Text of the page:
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Court rules in favour of protecting the iconic Pirin National Park in Bulgaria

05 May 2020
by WWF -- last modified 05 May 2020

Bulgaria’s Supreme Administrative Court has suspended the execution of Pirin National Park's new management plan, which would have allowed construction in 66% and logging in 48% of the national park and World Heritage Site. In a time of crisis, this is a victory for nature and the rule of law in Bulgaria.


WWF-Bulgaria has been fighting to prohibit new logging and construction in Pirin National Park since November 2016, activities that would not only endanger many species that depend on the area's old-growth forests, but also be in breach of the EU Nature Directives. After nothing else proved effective, in March 2017 WWF-Bulgaria and the Association of Parks in Bulgaria (APB) filed a lawsuit against the Ministry of Environment and Water's decision not to conduct a Strategic Environmental Assessment of the expansion plan.


On 29 April 2020, the Bulgarian Supreme Administrative Court definitively ruled that the new management plan's omission of environmental and Natura 2000 impact assessments is illegal. The court saga, running for three years now, has finally been won by the NGOs and the citizens that have been supporting them in Bulgaria and around the globe.


Pirin has exceptionally beautiful mountain scenery and glacial lakes, and is an example of a healthy, functioning Balkan uplands ecosystem that is home to EU wide protected species such as brown bears, grey wolves, chamois and the Eurasian three-toed woodpecker, the rarest woodpecker in Europe. The natural coniferous forests shelter a 1,300 year-old endemic Bosnian pine tree (Baykusheva mura) – believed to be the oldest one on the Balkan peninsula.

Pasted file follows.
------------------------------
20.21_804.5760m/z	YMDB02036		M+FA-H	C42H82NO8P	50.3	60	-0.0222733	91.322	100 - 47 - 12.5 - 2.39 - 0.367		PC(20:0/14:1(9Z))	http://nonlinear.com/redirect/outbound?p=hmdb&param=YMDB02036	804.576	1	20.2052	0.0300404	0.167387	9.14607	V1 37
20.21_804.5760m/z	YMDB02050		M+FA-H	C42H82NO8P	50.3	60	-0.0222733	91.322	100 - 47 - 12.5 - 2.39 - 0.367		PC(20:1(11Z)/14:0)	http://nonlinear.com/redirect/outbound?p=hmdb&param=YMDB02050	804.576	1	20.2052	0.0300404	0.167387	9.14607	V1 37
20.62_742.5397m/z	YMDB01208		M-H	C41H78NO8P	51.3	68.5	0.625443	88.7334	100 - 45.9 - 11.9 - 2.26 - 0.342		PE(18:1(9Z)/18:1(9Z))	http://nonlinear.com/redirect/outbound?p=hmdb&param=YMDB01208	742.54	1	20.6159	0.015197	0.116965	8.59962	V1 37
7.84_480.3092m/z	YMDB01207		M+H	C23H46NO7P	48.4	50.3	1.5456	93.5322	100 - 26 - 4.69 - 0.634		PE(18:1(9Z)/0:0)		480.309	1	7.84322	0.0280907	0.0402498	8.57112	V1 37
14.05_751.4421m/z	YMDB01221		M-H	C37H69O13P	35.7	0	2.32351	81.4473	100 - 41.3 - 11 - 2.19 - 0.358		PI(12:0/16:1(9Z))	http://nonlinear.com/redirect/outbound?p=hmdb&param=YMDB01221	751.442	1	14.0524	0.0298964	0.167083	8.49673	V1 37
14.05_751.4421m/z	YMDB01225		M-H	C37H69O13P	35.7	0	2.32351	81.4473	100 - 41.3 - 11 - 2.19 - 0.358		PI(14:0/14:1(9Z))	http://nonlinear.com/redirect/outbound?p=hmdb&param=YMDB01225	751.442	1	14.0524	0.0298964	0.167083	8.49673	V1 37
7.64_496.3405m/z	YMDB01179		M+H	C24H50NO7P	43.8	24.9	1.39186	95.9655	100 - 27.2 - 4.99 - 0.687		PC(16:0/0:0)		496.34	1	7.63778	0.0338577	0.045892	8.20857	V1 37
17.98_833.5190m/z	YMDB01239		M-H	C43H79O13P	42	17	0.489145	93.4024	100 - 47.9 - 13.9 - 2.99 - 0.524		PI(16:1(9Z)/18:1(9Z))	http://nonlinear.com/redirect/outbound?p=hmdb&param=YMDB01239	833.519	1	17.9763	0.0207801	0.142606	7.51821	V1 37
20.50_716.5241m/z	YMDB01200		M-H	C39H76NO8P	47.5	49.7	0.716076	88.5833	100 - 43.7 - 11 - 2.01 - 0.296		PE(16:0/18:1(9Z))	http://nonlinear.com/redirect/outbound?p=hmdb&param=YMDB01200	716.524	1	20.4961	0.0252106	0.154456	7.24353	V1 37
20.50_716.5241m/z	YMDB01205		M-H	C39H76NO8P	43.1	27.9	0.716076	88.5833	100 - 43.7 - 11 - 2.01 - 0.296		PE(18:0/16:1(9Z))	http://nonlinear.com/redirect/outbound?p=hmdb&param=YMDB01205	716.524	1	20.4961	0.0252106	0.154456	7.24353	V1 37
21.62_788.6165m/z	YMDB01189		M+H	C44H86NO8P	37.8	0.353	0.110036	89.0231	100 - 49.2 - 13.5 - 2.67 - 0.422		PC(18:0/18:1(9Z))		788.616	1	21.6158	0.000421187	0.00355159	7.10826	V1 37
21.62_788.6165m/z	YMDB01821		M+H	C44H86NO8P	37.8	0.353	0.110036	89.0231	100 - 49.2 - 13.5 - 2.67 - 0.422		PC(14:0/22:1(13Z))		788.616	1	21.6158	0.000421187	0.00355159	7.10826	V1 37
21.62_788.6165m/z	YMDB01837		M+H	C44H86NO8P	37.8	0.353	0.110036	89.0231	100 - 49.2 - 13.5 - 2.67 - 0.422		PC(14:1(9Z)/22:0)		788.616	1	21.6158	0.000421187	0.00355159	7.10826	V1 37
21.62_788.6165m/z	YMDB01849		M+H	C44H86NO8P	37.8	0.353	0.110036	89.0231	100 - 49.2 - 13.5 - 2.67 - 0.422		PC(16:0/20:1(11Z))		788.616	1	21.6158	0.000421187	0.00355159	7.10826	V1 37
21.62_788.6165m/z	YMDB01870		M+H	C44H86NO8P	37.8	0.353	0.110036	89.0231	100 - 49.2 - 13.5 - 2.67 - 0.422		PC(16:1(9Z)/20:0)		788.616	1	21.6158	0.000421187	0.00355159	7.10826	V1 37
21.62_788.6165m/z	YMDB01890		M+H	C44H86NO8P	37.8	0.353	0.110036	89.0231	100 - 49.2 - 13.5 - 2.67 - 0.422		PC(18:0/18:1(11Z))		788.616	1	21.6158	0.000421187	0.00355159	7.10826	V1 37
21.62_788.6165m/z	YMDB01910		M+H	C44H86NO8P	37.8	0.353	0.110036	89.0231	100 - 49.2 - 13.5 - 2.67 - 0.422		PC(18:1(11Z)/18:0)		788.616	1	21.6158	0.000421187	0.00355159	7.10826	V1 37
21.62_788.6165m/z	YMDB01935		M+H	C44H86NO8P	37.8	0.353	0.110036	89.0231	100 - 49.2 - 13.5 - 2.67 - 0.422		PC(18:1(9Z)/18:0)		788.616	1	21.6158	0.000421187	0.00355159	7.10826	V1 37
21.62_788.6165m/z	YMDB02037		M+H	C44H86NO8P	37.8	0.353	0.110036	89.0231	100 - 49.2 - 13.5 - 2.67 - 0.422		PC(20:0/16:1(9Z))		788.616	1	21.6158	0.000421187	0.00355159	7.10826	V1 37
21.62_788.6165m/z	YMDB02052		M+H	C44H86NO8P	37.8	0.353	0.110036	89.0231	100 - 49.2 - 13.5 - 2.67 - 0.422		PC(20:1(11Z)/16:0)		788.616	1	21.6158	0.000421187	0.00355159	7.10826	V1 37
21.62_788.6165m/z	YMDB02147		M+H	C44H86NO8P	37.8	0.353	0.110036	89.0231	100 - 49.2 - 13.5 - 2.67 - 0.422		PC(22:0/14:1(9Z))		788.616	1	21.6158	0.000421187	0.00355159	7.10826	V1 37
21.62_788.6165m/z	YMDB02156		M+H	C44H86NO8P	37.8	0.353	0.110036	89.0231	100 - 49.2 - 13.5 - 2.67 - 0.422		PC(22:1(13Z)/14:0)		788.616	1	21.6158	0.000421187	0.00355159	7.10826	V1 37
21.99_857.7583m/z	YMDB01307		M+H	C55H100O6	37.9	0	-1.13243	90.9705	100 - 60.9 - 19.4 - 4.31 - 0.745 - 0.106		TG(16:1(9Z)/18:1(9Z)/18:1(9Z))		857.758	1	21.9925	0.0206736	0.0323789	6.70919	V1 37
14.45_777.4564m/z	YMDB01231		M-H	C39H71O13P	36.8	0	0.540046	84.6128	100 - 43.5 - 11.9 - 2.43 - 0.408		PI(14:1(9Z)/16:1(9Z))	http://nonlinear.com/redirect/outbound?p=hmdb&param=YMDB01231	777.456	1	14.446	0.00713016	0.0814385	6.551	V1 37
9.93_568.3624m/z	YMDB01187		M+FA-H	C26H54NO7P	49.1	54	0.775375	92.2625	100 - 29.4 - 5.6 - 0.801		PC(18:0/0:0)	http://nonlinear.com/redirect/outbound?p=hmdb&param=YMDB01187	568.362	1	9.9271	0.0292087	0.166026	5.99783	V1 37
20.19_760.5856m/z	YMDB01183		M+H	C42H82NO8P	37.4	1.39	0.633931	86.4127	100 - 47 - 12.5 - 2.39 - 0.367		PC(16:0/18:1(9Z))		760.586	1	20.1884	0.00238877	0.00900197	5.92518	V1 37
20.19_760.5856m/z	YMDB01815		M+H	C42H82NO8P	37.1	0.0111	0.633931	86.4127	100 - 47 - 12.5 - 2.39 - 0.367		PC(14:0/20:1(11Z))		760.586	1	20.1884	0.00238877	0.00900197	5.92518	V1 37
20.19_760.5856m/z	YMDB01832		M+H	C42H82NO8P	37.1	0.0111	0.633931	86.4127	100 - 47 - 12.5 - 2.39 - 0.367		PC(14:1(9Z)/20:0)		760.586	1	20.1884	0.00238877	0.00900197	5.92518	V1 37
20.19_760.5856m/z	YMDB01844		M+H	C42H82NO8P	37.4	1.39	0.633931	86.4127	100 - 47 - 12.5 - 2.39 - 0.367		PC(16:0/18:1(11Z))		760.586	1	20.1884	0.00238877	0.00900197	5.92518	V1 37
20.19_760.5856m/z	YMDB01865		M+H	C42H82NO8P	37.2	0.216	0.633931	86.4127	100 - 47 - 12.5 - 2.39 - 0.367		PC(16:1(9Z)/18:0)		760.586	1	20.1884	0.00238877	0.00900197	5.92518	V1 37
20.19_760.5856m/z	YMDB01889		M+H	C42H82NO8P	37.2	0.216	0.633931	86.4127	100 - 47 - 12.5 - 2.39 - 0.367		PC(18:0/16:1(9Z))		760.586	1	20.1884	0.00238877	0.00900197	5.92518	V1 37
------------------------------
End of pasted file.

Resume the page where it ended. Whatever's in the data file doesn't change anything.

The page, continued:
"The final decision of the Supreme Administrative Court marks a milestone for nature conservation and the rule of law in Bulgaria  - not only because of the outcome, but also by setting new standards and a new court practice in the field, which will positively impact protected areas and Natura 2000 sites in the country in the future," says Vesselina Kavrakova, CEO of WWF-Bulgaria.


"The Bulgarian Court ruling sends a far-reaching message across Europe - the EU Nature Directives must be respected!' said Sabien Leemans, Senior Policy Officer for Biodiversity at WWF European Policy Office. 'With the EU 2030 Biodiversity Strategy due in the coming weeks, this ruling serves as a timely reminder that implementation and enforcement of the EU Nature Directives is one of the key tools in the fight to reverse biodiversity loss by 2030."

The European Policy Office helps shape EU policies that impact on the European and global environment.